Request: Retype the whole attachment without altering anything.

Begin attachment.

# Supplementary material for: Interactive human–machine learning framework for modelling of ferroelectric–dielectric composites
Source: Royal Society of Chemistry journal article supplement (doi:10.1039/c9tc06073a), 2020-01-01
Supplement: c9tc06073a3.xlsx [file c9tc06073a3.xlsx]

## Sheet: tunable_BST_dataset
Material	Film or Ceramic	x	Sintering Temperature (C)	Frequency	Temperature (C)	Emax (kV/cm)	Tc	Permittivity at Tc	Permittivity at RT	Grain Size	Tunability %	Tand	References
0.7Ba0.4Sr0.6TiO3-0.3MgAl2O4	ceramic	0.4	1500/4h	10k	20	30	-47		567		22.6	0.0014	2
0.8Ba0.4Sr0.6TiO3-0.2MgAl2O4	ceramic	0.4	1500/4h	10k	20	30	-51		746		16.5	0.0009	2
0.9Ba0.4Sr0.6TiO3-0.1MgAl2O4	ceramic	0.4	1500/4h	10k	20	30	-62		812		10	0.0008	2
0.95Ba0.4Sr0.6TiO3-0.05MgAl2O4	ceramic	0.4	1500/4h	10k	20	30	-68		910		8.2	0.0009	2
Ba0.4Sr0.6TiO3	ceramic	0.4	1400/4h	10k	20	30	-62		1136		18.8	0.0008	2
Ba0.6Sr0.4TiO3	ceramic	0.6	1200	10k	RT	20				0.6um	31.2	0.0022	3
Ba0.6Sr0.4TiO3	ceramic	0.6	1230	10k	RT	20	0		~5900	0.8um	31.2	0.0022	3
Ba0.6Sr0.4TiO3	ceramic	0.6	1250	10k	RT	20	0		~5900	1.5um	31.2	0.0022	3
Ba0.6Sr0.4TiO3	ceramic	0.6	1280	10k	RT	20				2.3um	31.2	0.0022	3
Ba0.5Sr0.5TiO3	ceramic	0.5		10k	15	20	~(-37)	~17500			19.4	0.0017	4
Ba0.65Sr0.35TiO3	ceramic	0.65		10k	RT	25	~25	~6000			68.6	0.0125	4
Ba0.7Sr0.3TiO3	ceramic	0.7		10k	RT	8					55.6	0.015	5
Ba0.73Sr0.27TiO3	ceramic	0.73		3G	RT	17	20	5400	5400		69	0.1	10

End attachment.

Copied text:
# Supplementary material for: Interactive human–machine learning framework for modelling of ferroelectric–dielectric composites
Source: Royal Society of Chemistry journal article supplement (doi:10.1039/c9tc06073a), 2020-01-01
Supplement: c9tc06073a3.xlsx [file c9tc06073a3.xlsx]

## Sheet: tunable_BST_dataset
Material	Film or Ceramic	x	Sintering Temperature (C)	Frequency	Temperature (C)	Emax (kV/cm)	Tc	Permittivity at Tc	Permittivity at RT	Grain Size	Tunability %	Tand	References
0.7Ba0.4Sr0.6TiO3-0.3MgAl2O4	ceramic	0.4	1500/4h	10k	20	30	-47		567		22.6	0.0014	2
0.8Ba0.4Sr0.6TiO3-0.2MgAl2O4	ceramic	0.4	1500/4h	10k	20	30	-51		746		16.5	0.0009	2
0.9Ba0.4Sr0.6TiO3-0.1MgAl2O4	ceramic	0.4	1500/4h	10k	20	30	-62		812		10	0.0008	2
0.95Ba0.4Sr0.6TiO3-0.05MgAl2O4	ceramic	0.4	1500/4h	10k	20	30	-68		910		8.2	0.0009	2
Ba0.4Sr0.6TiO3	ceramic	0.4	1400/4h	10k	20	30	-62		1136		18.8	0.0008	2
Ba0.6Sr0.4TiO3	ceramic	0.6	1200	10k	RT	20				0.6um	31.2	0.0022	3
Ba0.6Sr0.4TiO3	ceramic	0.6	1230	10k	RT	20	0		~5900	0.8um	31.2	0.0022	3
Ba0.6Sr0.4TiO3	ceramic	0.6	1250	10k	RT	20	0		~5900	1.5um	31.2	0.0022	3
Ba0.6Sr0.4TiO3	ceramic	0.6	1280	10k	RT	20				2.3um	31.2	0.0022	3
Ba0.5Sr0.5TiO3	ceramic	0.5		10k	15	20	~(-37)	~17500			19.4	0.0017	4
Ba0.65Sr0.35TiO3	ceramic	0.65		10k	RT	25	~25	~6000			68.6	0.0125	4
Ba0.7Sr0.3TiO3	ceramic	0.7		10k	RT	8					55.6	0.015	5
Ba0.73Sr0.27TiO3	ceramic	0.73		3G	RT	17	20	5400	5400		69	0.1	10